Sometimes All Politics Aren’t Local
As the President of the Pennsylvania Coal Alliance and a former Pennsylvania State Senator, I have witnessed firsthand the unintended consequences of government policies. Nowhere has this been more evident than in the area of energy policy.
The Obama Administration, through the efforts of the EPA, has mercilessly attacked the coal industry by imposing regulations that are forcing the electric generating industry to shut down coal fired capacity. In turn, by reducing the domestic demand for coal, coal mines have been forced to shut down or reduce production. This has had a devastating impact on our communities who have been dependent on the coal industry.
Now we see the further impact of this misguided federal policy in Erie, where General Electric has proposed to reduce its workforce by 950 jobs. As a production facility that builds locomotives and mining equipment, it is not difficult to see how federal energy policy is forcing the downsizing of another coal related workforce.
Joining the Obama Administration in its Jihad against the coal industry has been it special interest environmentalist friends.
Consider the case of the Homer City electric generating station in Indiana County.
Last year, the Sierra Club announced it would sue the plant’s owners and operators — among them, GE — as part of a campaign to close the plant. The owners responded with detailed plans for a $725 million pollution control upgrade that would all but eliminate emissions of mercury, sulfur and soot.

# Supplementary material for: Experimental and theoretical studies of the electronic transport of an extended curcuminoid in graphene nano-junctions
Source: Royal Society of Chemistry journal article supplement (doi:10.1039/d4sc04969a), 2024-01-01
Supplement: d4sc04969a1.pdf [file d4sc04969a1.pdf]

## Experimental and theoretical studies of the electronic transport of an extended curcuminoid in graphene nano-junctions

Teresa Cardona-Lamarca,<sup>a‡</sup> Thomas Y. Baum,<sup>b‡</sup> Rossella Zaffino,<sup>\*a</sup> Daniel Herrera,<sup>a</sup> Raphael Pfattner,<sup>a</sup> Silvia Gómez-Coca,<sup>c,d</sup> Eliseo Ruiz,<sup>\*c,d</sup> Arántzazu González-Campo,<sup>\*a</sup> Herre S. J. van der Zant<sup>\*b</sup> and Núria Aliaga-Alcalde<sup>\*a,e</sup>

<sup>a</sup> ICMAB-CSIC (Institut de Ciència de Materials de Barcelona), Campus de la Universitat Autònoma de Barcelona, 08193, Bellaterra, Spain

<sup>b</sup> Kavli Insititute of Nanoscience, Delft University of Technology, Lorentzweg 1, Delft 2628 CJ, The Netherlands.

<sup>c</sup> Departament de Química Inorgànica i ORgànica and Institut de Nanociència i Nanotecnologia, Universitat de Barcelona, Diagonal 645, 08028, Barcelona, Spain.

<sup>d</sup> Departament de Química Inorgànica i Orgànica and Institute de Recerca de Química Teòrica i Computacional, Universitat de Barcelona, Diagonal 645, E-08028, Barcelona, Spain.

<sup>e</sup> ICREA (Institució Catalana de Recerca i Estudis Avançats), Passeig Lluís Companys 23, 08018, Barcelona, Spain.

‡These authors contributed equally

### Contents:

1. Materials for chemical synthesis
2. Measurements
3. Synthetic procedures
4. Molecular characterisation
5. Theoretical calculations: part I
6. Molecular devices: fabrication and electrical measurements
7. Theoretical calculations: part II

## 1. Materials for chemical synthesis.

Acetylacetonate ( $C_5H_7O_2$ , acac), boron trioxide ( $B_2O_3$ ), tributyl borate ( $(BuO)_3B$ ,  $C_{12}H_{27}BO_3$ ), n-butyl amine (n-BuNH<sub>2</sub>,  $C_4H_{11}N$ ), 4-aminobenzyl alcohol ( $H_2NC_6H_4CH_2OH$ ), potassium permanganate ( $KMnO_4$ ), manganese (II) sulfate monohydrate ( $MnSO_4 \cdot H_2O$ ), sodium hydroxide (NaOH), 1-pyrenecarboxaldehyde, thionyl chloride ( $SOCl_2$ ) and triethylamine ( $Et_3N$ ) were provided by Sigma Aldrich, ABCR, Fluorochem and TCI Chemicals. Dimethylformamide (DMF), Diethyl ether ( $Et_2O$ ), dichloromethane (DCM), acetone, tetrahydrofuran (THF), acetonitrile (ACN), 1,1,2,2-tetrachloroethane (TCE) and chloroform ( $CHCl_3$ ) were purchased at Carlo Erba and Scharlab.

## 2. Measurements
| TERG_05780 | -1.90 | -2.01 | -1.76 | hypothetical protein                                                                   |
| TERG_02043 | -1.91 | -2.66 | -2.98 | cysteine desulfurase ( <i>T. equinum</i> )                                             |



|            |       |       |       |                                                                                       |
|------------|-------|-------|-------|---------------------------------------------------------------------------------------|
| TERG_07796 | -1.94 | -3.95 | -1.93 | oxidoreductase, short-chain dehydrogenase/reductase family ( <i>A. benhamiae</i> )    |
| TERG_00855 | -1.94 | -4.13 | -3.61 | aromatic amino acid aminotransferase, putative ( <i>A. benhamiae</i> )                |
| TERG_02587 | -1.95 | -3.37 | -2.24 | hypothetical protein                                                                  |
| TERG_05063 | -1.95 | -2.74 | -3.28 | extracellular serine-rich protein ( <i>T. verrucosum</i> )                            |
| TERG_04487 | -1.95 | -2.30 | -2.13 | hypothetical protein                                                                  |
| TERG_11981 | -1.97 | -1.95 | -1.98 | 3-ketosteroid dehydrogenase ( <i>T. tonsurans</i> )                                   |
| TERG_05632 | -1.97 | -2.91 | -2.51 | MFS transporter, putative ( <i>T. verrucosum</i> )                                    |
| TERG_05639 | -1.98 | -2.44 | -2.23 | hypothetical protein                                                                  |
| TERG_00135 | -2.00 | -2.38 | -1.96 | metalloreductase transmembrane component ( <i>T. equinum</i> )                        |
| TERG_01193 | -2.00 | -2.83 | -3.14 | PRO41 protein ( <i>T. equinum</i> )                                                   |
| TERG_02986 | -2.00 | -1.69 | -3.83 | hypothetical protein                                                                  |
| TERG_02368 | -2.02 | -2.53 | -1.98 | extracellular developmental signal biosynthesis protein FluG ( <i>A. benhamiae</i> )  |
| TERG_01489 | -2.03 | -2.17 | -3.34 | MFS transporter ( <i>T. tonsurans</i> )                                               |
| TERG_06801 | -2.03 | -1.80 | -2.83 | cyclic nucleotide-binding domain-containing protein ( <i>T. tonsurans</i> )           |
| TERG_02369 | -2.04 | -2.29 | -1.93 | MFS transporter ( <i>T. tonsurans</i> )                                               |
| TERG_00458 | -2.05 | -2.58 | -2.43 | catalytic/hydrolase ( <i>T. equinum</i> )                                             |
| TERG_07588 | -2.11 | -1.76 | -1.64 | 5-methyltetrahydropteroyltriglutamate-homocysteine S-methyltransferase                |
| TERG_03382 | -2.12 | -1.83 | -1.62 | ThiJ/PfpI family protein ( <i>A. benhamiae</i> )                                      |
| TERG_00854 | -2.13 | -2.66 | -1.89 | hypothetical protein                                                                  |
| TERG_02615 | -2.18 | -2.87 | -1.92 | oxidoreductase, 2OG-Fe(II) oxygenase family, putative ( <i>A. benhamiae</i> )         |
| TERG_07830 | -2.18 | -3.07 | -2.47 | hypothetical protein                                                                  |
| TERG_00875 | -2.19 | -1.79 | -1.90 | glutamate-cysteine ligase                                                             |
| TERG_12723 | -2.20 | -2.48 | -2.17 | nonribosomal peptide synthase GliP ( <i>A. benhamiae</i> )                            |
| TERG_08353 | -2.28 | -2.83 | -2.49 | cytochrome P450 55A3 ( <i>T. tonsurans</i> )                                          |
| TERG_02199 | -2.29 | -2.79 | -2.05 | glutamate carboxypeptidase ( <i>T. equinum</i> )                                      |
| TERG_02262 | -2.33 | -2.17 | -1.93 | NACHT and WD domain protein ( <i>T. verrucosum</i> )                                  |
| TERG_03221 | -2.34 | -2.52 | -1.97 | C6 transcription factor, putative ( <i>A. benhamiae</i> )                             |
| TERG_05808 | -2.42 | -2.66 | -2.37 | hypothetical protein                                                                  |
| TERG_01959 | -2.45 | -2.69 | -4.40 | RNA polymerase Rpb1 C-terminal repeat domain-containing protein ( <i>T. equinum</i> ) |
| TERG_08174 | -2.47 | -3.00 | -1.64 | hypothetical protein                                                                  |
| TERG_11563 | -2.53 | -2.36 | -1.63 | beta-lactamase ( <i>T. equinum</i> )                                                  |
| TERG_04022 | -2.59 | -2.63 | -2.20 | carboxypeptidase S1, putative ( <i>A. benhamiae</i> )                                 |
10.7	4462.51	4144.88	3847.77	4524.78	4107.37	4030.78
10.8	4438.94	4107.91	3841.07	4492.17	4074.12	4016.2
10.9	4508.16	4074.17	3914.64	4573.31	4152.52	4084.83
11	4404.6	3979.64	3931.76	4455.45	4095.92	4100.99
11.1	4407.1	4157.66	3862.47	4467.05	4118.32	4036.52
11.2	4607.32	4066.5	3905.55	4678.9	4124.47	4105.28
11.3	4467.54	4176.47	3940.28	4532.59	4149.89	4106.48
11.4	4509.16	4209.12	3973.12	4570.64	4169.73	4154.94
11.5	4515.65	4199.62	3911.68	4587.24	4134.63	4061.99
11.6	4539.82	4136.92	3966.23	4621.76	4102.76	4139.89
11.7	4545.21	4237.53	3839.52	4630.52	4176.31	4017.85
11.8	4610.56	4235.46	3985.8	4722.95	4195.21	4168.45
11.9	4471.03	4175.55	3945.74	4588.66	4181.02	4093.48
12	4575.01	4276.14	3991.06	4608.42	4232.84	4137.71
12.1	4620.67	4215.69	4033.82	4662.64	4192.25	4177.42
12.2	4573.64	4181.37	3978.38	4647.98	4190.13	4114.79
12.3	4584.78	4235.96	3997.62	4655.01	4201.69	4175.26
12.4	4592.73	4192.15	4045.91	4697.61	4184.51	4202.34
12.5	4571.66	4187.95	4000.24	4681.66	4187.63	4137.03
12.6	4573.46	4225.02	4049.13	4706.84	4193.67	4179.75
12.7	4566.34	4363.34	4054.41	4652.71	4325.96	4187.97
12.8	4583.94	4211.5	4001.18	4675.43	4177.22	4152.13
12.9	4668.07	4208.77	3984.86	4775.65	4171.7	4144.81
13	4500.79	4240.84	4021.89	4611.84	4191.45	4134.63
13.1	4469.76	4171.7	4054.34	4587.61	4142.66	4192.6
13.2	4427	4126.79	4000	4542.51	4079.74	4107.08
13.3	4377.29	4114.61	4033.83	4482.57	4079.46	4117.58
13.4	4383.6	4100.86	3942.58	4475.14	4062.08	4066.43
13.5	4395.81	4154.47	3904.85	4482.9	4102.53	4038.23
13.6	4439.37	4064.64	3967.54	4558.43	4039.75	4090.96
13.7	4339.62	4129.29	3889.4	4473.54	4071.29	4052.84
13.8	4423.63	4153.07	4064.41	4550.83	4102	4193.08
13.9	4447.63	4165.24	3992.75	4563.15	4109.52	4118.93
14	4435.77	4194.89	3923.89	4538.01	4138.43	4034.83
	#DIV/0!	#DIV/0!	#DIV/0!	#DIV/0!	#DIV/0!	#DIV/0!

The Sierra Club’s answer? No. They want the plant closed.
In fact, the Sierra Club’s “Beyond Coal” campaign all but brags about plants they have shut down, making no mention that, with them, they end thousands of jobs.
Evidently the Obama Administration and its environmental allies do not care about how much you pay for electricity, just as they don’t care about how many good paying jobs they destroy. Make no mistake about it, remove coal from energy production and your electric bills will rise, and many of your neighbors will be laid off when the companies they work for can no longer afford their utility bills.
While reporters and analysts are quick to say that the decline in coal is linked to a rise in electric companies switching over to natural gas, make no mistake: when they’re through with coal jobs, the opponents will come after the natural gas jobs. Obama’s allied environmental groups are hard at work to halt Pennsylvania’s natural gas boom.
Sometimes all politics are not local. State energy, environmental, and tax policies are not to blame for the devastating cuts to the General Electric workforce. Gov. Corbett, in fact, is the only major figure in state politics unambiguously on record about believing in an “all of the above” menu for energy independence: gas, wind, solar and – yes indeed – coal.
In the past decade, science and industry have made huge strides in turning coal into a clean burning, efficient and economical source of energy for an expanding economy. It is sad that some leaders from the Potomac to the Susquehanna don’t make the connection between that plant in Homer City, the mines in Pennsylvania’s mountains, and 950 lost jobs along the banks of Lake Erie.
If leaders are serious about saving the latter, they need to show more respect for the first two.
John Pippy, CEO of the PA Coal Alliance
Nothing presented here should be considered as an attempt to aid or hinder the passage of any legislation in Congress or the General Assembly.
The views expressed here are those of the author and not necessarily those of The Susquehanna Valley Center.